Anecdotally, my college-age daughter took a genuine interest in watching me cook over the recent winter break. I take that as a good sign.

Tom Redd

Well we had all four kids of the evil Millennial age home for the holidays. All of them cook more than we ever thought they would. My wife ended up not having to cook as much as in the past. They all seem to want to cook new, spicy-as-heck dishes. Why? I estimate these are hipness trends. They still refer back to my wife’s recipe box which has more knowledge and great foods then an Echo link. Some retailers/analysts have been lucky enough to sample Cowboy Cookies at past NRF shows. Echo would be lost.

Gaining cooking skills is best learned from other humans and not the food kits that kids can subscribe to or via talking websites. Millennials are cooking more and in some cases must — their life at home is over and mom/dad have let them know it is time to go. I think we will have the digital cooks trend for a bit then see it become “stupid.” The meal kits will trend for a bit and then the Millennials will shift to back-to-basics and learn the skill without being dependent on a box of ingredients or Wi-Fi signal.

Lee Kent

The Millennials in my life love to get in the kitchen on the weekends and make odd, exotic things that involve having something ferment for days, then turn just the right color before cooking and, when posted on Facebook, get lots of wows from friends. Yes, I made that up because I never even know what they are talking about when they make this stuff. But to them, it is all about the experience and a little about eating healthy.

They all like to call themselves foodies too and they do keep up with the latest trends. But on a day to day basis? They pick up an easy-to-make meal kit, pop it in the oven, add some prepared dishes, you get the picture.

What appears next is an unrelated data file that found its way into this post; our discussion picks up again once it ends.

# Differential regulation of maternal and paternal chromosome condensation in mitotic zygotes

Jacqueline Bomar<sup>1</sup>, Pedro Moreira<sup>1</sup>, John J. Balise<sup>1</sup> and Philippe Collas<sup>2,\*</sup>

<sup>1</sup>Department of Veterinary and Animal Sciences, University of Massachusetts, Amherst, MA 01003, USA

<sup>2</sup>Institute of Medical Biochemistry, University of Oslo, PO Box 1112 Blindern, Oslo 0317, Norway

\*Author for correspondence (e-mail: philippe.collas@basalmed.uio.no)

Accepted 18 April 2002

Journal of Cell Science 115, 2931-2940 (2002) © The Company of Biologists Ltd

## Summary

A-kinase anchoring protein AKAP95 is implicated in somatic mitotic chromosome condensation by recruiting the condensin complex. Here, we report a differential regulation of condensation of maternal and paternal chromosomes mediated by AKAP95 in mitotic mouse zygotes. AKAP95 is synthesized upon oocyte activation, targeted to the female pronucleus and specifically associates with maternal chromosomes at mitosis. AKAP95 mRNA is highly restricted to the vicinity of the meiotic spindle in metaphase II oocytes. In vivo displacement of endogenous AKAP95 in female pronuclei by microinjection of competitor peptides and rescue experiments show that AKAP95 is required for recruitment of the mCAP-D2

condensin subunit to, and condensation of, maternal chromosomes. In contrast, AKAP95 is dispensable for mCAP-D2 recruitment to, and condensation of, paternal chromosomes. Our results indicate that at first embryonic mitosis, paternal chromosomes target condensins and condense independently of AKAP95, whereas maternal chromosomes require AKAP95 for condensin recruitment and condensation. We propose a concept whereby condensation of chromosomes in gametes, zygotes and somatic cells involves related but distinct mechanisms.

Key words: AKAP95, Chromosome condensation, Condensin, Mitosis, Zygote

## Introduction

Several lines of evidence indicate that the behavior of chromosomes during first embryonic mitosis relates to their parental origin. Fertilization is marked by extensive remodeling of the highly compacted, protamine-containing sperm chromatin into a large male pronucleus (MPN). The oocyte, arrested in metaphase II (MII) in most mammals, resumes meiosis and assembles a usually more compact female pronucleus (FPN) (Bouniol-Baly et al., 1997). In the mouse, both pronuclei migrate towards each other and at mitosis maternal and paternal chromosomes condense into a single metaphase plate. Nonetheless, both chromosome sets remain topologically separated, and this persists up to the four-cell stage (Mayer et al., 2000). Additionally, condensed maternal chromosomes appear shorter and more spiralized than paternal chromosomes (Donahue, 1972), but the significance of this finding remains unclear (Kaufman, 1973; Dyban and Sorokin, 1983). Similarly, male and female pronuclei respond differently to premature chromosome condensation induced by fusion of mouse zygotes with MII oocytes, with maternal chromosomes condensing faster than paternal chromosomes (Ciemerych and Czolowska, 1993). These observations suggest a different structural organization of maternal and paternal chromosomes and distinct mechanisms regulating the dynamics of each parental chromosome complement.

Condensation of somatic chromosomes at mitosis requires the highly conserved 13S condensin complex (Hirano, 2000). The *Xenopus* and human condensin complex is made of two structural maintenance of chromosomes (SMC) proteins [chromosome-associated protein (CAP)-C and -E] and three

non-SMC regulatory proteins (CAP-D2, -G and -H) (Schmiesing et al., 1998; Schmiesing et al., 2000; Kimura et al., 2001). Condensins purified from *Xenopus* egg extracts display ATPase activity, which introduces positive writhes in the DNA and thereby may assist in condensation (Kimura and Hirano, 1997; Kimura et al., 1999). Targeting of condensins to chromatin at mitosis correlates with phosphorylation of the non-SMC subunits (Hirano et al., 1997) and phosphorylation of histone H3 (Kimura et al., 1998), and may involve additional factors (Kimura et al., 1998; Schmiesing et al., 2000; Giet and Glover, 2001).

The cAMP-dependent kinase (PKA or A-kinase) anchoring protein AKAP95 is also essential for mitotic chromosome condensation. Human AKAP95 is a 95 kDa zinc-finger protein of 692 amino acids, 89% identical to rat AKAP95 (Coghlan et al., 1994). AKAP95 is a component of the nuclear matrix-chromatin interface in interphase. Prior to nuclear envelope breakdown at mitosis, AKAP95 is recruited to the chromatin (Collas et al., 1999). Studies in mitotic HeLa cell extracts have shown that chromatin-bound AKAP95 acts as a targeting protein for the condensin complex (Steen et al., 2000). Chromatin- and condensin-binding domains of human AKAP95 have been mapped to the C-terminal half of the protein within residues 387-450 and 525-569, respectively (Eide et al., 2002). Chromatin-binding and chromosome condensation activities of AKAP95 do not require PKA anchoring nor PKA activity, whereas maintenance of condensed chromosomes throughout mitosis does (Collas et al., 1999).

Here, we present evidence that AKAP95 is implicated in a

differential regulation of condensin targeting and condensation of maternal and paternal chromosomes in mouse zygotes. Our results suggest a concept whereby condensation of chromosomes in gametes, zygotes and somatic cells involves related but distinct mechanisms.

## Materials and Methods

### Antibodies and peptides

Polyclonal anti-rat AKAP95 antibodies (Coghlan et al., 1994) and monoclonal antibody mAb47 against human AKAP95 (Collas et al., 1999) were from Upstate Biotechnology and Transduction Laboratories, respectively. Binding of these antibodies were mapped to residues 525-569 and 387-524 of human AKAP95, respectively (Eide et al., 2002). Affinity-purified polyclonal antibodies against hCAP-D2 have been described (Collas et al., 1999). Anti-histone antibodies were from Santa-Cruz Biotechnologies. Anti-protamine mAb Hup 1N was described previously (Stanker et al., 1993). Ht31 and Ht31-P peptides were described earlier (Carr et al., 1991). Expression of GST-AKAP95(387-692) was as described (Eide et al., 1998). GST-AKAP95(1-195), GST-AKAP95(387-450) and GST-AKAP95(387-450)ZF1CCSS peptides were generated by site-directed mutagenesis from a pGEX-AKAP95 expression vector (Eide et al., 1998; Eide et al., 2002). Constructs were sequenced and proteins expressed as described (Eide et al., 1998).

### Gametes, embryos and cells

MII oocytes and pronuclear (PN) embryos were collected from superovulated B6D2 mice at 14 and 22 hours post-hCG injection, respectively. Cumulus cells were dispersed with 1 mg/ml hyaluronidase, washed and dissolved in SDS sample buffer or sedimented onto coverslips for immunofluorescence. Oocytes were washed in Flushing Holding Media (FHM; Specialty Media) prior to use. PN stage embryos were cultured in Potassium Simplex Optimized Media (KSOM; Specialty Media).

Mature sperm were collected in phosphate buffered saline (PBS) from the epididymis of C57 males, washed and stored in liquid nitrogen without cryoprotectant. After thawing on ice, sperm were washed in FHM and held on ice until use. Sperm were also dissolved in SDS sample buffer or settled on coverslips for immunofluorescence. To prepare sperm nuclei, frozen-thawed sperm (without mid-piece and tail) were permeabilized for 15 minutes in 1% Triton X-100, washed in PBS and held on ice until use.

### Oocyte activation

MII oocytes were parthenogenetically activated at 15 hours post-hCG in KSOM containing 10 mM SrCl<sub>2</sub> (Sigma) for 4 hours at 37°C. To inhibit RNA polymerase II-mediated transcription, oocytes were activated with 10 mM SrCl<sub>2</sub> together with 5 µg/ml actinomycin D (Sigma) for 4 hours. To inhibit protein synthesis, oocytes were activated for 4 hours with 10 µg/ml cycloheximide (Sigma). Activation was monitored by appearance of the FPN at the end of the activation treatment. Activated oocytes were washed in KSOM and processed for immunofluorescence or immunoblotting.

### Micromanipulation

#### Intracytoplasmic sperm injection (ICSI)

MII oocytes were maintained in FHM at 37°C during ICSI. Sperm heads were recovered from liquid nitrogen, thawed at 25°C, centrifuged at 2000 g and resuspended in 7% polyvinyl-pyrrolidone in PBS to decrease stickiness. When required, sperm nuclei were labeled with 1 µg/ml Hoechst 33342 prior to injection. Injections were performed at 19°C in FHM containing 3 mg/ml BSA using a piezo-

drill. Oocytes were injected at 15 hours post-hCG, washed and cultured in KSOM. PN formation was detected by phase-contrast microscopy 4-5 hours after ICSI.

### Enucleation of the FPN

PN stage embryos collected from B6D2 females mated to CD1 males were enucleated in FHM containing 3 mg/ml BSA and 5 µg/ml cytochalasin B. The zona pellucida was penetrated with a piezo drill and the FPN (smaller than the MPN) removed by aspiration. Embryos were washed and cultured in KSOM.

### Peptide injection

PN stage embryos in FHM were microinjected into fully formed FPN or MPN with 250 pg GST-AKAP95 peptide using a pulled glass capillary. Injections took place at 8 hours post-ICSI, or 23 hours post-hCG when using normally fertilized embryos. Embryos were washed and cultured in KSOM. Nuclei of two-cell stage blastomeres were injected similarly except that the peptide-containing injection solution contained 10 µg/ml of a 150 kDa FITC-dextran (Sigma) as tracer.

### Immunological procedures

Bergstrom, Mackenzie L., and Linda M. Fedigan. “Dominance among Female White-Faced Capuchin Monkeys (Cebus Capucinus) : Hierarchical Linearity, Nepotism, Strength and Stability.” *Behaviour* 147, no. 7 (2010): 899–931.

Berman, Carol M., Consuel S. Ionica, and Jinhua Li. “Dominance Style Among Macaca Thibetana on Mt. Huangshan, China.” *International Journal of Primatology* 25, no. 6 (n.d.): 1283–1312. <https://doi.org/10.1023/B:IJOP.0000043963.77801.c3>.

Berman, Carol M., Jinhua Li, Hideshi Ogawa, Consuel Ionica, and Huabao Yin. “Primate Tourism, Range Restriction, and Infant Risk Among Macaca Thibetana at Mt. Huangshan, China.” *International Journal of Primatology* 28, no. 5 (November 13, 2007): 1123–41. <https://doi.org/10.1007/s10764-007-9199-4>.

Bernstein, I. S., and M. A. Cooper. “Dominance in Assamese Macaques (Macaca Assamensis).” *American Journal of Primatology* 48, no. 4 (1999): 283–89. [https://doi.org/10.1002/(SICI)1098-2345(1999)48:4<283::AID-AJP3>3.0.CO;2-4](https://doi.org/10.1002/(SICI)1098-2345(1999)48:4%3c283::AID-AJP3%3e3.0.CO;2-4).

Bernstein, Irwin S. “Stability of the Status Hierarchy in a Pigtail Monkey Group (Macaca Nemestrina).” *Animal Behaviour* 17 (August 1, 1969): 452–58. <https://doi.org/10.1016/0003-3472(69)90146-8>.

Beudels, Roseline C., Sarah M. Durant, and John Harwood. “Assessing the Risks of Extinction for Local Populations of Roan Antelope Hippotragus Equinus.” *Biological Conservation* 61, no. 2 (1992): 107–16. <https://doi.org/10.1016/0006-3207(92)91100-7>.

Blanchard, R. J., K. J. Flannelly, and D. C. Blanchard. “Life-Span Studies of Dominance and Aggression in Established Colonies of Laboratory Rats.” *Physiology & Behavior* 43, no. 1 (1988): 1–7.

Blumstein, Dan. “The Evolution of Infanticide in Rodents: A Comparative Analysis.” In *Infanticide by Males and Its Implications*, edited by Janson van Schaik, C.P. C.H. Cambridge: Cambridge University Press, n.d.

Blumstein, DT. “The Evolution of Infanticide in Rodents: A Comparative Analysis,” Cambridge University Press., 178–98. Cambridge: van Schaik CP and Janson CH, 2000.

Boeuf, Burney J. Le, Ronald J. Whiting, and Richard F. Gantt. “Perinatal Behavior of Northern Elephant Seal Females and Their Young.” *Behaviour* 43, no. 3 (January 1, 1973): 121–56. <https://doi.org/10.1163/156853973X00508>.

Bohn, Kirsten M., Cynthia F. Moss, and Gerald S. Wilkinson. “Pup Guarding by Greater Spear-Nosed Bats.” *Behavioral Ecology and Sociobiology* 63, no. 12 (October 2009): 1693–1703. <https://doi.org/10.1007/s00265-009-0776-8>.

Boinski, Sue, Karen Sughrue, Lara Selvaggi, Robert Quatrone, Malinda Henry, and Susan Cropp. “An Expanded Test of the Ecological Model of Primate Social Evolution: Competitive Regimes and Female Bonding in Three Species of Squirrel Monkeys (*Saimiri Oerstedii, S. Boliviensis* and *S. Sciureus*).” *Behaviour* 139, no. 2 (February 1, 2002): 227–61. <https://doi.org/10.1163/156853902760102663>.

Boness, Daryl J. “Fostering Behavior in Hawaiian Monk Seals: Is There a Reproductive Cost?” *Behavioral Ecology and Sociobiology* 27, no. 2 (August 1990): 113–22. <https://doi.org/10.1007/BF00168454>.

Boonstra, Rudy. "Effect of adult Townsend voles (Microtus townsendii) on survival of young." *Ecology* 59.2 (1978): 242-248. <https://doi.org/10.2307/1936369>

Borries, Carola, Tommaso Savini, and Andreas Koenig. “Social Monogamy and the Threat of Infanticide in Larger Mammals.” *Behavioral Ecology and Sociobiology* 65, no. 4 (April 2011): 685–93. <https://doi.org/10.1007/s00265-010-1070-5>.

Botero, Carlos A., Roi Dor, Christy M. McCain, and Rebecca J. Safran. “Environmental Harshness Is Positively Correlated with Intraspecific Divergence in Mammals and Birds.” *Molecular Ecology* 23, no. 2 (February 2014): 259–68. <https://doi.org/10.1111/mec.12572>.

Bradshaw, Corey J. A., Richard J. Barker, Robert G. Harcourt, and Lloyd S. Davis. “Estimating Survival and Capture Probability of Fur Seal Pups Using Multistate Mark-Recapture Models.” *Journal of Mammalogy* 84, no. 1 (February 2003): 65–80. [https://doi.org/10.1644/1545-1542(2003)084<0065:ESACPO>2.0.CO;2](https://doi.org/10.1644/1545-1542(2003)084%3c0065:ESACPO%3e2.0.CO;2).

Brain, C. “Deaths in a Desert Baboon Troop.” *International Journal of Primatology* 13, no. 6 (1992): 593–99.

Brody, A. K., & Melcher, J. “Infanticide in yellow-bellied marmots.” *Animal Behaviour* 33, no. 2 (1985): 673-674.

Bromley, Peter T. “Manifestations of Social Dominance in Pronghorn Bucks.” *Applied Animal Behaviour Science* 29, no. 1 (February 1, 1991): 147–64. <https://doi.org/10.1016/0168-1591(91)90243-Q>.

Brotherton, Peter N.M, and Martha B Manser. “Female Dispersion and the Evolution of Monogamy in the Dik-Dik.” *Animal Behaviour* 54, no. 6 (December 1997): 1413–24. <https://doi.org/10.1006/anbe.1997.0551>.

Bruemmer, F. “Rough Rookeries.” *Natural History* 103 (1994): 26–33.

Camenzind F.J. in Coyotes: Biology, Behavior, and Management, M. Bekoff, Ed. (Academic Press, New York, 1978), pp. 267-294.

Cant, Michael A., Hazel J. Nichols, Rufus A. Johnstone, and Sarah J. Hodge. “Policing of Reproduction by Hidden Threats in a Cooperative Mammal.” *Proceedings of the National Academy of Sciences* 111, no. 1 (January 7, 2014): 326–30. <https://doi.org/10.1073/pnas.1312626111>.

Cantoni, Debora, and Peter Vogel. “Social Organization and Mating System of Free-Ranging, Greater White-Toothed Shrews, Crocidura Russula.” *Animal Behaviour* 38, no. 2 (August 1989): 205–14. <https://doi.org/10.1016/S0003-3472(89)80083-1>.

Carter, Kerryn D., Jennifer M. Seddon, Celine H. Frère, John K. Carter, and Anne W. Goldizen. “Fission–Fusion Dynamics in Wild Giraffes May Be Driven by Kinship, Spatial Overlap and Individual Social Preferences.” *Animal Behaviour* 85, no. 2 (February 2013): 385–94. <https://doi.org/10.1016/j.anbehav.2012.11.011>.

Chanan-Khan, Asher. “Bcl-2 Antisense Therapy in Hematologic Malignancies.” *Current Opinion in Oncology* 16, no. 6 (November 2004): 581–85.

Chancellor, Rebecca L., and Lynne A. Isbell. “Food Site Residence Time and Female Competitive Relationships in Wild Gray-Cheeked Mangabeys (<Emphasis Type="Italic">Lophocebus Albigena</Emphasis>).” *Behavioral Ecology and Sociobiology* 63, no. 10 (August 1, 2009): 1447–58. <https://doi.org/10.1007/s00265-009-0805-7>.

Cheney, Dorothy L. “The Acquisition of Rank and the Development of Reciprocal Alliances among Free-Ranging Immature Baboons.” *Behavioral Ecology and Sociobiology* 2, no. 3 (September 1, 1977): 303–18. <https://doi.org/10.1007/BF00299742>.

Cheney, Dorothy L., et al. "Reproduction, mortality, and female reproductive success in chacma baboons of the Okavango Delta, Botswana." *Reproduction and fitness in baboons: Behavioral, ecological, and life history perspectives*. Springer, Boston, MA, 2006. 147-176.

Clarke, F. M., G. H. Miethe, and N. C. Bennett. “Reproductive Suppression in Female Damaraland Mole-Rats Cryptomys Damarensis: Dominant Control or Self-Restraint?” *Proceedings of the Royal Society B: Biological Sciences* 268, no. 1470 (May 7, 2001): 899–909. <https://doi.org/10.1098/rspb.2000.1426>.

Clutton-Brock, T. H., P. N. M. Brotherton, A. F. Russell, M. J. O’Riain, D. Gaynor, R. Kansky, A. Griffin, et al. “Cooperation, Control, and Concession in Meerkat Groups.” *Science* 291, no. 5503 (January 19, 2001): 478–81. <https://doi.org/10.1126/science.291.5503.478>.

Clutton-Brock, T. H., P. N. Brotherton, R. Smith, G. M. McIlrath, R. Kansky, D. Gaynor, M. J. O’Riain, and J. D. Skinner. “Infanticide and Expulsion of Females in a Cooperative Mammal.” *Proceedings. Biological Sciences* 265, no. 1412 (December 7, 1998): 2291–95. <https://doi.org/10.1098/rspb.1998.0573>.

Grocers will do best by this group by staying up on the trendy food and exotic fun stuff and offering easy-to-understand instructions for preparation. Giving them ideas and history about the food, maybe. Today’s Millennial likes to think about cooking food in a fun context. The mundane day-to-day is just that — easy heat-and-go stuff for the rest of the week.

And that’s my 2 cents.

Zel Bianco

The answer is yes. I have two of my own, one that is married and the other in a serious relationship and they both are great cooks. I wish I could say the same for myself. Millennials are foodies. Yes, they are out a lot and I have no idea how they do it — especially in such expensive cities like NY and D.C., but they love to cook at home as well. They are adventurous and jump online for new things to try and are not afraid of experimenting with their own twists on a theme.

In fact, it is my daughter’s birthday today and what is one of the things she wanted? A pressure cooker so that in her time-pressed crazy days, she could come home to something that will be delicious and most likely much healthier and certainly less expensive than eating out. Restaurants and bars need not worry. Millennials will still show up but they will also led the charge to expertly prepared home cooked meals and that is a very good thing.

Lyle Bunn (Ph.D. Hon)

Healthier eating at a more affordable cost is the driver for home food preparation across all demographics. When the social dimension of home meals and “tomorrow’s lunch” are added to a busy life it is all the more appealing as an option. Easier access to fresh produce, meal kits and quick recipe instructions all support the trend toward increased at-home meals.

Liz Crawford

We need to redefine cooking.

What qualifies as “cooking” for a Millennial is not the same as generations past. Meal assembly, heat and eat, frozen dinners and meal kits all qualify as home cooking. Will there be a “resurgence”? That depends on the economy. If the stock market continues to rise and unemployment remains low, restaurant takeaway will surge. If the economy dips down, eating at home (and any form of home “cooking”) will surge.

Richard J. George, Ph.D.

if Millennials do anything at home it will more resemble meal assembly than cooking in the traditional sense. Although today no one appears to “cook” in the traditional meaning of food planning, preparation and cooking. Instead, I think this group will use a combination of prepared meals and meal kits (depending on their financial resources) to make the claim that they cooked tonight’s meal.